The pros and cons of sewing your own wardrobe

Sewing Supplies

While sewing clothes by hand may seem like a thing of the past, it has seen a recently re-emergence among youth. With textiles courses a requirement in most high schools, students are getting early exposure to making their own garments. Learning how to make patterns, attach buttons and operate a sewing machine from as early as Grade 8, creates a solid base for future learning, and in many cases, leads to an ongoing interest in fashion.

Angela Wong, a fashion design graduate, first became interested in the field through a mandatory high school sewing class.

“By sewing my own clothing, I get to choose exactly which styles I want, and I can choose the colours and fabrics that work best,” Wong said. “Plus, I come up with my own looks instead of relying on what the major chain stores tell me is ‘cool.’ I also love that I have the option of being able to buy organic fabrics, and other materials that are more environmentally friendly and less harsh on the Earth.”

Andrea Jones, a recreational seamstress, has a different view on making clothes from scratch. Although she admits that it’s satisfying when the final outcome is a one-of-a-kind item, “the downside is that it’s super time-consuming, and if you aren’t great at sewing, then it will probably just end up being a waste of fabric. Fabric is pretty expensive too, so sewing your own clothes really isn’t that much cheaper than just buying them at Forever 21.”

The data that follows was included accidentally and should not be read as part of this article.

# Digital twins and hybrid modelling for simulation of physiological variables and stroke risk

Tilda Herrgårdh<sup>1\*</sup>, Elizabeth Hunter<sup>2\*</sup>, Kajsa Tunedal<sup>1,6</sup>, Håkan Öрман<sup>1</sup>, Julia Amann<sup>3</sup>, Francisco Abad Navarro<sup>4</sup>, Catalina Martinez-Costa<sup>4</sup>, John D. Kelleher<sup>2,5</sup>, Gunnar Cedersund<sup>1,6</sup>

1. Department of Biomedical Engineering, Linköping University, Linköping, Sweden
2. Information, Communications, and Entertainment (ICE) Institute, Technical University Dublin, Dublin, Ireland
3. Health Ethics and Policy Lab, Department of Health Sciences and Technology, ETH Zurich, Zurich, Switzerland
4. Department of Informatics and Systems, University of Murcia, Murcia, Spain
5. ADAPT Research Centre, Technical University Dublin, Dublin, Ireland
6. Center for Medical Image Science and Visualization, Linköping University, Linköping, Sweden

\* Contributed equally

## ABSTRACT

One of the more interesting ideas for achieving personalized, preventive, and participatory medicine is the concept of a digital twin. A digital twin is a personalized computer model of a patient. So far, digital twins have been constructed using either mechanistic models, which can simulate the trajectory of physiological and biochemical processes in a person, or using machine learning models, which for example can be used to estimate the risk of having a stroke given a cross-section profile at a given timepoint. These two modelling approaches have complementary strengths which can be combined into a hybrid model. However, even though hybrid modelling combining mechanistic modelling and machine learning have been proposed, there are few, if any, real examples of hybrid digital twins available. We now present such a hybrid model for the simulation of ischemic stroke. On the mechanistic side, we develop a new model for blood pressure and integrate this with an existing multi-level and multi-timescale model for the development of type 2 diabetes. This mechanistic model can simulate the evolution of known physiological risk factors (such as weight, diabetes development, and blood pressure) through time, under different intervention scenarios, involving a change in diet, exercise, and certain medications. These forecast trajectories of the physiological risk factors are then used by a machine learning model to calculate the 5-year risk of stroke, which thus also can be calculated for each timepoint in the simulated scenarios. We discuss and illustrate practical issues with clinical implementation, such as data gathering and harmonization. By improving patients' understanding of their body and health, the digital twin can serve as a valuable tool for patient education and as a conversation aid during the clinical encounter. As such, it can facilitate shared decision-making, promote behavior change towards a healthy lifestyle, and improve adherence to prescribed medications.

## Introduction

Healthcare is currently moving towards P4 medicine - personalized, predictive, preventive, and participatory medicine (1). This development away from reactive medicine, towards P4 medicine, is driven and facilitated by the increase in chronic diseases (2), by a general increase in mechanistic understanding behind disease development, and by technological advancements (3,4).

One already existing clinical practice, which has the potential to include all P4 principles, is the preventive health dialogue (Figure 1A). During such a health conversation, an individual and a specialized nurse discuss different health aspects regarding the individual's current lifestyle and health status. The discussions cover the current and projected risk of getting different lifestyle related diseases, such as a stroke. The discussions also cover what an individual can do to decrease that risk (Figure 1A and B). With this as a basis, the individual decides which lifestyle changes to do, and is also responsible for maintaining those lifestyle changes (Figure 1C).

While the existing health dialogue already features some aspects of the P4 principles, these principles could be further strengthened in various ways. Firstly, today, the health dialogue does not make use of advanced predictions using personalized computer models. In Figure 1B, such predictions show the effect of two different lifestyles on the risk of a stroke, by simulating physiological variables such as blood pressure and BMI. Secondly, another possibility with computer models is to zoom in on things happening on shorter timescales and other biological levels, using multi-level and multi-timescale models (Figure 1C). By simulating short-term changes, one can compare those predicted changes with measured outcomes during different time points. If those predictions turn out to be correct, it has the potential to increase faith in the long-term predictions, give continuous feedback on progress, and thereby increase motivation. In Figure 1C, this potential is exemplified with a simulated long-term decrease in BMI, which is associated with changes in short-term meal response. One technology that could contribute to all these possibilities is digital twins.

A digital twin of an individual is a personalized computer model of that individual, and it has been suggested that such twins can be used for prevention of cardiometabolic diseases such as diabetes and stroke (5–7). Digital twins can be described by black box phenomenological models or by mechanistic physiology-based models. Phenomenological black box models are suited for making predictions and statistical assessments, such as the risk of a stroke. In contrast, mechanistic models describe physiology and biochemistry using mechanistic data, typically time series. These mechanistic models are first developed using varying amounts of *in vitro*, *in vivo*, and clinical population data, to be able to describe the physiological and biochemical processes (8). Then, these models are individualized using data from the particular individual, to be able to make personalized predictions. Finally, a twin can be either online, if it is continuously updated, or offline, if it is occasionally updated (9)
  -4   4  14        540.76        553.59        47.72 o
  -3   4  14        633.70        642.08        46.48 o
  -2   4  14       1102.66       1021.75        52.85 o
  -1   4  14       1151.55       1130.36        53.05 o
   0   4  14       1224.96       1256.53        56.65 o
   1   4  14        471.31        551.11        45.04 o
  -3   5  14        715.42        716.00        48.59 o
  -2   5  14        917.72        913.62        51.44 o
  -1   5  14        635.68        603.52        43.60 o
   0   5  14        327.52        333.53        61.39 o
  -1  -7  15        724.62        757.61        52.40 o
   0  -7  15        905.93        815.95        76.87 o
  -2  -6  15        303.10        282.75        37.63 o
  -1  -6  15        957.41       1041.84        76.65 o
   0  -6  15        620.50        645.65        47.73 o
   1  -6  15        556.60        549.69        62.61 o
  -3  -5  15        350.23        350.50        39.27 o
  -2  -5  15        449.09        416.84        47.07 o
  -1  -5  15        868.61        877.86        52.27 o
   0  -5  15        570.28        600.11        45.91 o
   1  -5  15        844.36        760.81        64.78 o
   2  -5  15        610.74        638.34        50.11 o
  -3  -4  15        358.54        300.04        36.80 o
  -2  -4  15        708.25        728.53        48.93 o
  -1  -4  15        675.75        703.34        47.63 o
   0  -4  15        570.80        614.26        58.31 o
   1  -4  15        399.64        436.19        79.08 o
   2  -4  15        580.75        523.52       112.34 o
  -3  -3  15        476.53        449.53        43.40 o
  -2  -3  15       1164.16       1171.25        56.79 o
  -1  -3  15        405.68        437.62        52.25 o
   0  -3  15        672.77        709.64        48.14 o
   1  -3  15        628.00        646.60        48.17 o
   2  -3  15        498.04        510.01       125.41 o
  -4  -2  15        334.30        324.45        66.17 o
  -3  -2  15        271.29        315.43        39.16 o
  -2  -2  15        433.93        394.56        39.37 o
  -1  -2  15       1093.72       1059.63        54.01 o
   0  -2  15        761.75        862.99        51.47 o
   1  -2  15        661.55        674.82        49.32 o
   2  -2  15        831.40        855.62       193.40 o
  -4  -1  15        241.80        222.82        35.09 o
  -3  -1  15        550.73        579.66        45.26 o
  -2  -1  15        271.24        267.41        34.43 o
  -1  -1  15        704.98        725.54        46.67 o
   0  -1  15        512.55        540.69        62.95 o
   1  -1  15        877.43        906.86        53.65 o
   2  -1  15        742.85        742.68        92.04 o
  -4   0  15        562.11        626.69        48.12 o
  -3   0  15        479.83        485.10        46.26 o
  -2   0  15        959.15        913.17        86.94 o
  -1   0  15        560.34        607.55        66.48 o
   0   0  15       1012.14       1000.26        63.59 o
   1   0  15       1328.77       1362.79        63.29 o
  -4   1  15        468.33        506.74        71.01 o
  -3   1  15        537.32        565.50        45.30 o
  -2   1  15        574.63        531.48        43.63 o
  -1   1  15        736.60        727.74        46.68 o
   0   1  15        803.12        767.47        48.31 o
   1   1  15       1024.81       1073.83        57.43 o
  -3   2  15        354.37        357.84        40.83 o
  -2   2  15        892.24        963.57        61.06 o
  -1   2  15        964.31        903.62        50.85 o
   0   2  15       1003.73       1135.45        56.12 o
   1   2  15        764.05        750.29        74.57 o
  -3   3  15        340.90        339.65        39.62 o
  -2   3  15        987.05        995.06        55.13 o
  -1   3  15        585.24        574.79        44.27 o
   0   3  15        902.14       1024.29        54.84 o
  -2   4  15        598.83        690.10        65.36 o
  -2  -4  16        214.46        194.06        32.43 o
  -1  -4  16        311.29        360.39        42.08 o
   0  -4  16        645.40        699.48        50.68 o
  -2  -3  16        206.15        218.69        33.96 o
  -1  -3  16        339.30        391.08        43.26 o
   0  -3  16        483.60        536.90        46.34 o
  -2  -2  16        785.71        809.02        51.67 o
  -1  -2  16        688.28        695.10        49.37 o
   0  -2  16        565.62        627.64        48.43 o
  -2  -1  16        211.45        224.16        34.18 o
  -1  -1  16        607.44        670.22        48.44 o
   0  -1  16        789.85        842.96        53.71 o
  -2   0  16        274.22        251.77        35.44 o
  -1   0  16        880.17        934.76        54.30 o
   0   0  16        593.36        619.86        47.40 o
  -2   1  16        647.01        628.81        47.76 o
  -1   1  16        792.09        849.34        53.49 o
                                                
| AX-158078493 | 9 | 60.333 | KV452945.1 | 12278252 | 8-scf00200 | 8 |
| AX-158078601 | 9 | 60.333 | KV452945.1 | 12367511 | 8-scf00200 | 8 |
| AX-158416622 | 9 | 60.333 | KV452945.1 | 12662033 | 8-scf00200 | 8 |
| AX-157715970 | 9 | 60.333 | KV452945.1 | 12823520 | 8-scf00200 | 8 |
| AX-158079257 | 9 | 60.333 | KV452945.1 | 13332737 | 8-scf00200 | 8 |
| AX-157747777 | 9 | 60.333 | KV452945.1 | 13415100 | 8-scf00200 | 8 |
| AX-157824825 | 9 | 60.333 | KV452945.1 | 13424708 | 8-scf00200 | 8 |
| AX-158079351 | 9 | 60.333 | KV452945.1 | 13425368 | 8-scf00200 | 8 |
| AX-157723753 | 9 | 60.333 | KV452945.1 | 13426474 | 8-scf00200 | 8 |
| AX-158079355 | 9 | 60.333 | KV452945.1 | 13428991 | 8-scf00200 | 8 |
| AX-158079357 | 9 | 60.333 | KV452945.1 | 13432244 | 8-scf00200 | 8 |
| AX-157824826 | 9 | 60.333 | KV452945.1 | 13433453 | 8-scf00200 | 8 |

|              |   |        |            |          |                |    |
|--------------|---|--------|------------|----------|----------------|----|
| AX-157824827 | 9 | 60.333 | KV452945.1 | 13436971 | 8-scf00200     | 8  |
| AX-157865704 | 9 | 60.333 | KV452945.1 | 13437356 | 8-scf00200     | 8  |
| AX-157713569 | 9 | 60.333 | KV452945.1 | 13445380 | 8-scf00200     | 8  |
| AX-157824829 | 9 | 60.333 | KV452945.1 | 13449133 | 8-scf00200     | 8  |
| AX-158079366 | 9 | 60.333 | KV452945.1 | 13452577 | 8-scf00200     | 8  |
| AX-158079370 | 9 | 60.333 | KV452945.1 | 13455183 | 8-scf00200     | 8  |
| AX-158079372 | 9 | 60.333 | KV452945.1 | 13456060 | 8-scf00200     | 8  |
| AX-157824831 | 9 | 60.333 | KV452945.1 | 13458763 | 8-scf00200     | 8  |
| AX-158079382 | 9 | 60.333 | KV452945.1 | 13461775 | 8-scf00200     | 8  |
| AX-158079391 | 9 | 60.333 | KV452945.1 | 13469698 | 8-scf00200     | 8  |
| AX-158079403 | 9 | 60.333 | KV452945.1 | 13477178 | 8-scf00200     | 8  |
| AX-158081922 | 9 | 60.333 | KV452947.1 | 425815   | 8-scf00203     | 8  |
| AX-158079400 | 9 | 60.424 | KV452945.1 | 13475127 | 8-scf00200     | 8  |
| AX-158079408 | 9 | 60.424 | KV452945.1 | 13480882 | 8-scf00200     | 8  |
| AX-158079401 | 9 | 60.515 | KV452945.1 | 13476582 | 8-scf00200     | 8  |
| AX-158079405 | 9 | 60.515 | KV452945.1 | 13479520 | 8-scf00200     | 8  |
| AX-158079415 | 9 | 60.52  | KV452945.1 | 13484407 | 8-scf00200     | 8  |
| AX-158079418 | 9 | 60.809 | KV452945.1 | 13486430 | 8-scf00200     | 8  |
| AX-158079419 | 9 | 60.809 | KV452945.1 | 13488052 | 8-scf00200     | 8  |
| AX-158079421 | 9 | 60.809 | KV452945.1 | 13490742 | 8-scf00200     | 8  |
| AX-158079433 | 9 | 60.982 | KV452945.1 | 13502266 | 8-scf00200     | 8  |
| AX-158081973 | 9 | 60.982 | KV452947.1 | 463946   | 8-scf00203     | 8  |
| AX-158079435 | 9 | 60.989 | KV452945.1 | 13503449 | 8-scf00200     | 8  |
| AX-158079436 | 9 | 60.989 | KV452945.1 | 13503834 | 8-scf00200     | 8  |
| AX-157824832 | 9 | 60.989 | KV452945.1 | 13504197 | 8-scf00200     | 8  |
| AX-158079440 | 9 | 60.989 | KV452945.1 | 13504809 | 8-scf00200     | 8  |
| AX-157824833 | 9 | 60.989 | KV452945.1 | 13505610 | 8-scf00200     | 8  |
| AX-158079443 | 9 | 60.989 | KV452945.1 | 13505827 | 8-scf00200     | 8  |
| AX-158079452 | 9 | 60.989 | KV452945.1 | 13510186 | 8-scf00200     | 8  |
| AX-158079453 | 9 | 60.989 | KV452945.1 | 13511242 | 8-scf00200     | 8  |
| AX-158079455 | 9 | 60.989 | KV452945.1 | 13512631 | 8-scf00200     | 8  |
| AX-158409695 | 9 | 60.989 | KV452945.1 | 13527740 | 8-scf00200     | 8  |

With Forever 21 shirts starting at $3, and fabric on average costing between $5 and $8 a metre, buying an already-made shirt seems like the obvious option. However, Wong offers a solution to this problem: thrift stores.

“Instead of buying fabric from the store, you can usually find tons at any Value Village. I sometimes even buy old bed sheets, since they tend to be cheaper and have enough fabric to make at least a dress. By buying used, it helps not only me, but also the environment, which is really important to me,” she said.

Wong also said that sewing her own clothes has cut down on impulse buying, since she has to think about each thing she’s making. For her, fewer impulse buys means less clothing that will end up in the landfill when she grows tired of it. By using organic fabrics, second-hand materials and assembling the garments herself, she has peace of mind knowing that she’s doing her part to reduce her impact on the Earth.

However, Wong says that saving the planet is just part of the reason she spends hours working on her wardrobe.

“When I make my own clothes, I know exactly where they’re coming from, too,” she said. “A lot of the things you buy in stores are made in Bangladesh and China, usually in sweatshops. By making my own clothes, I rest assured that I’m not contributing to that.”


Journalism student at KPU.

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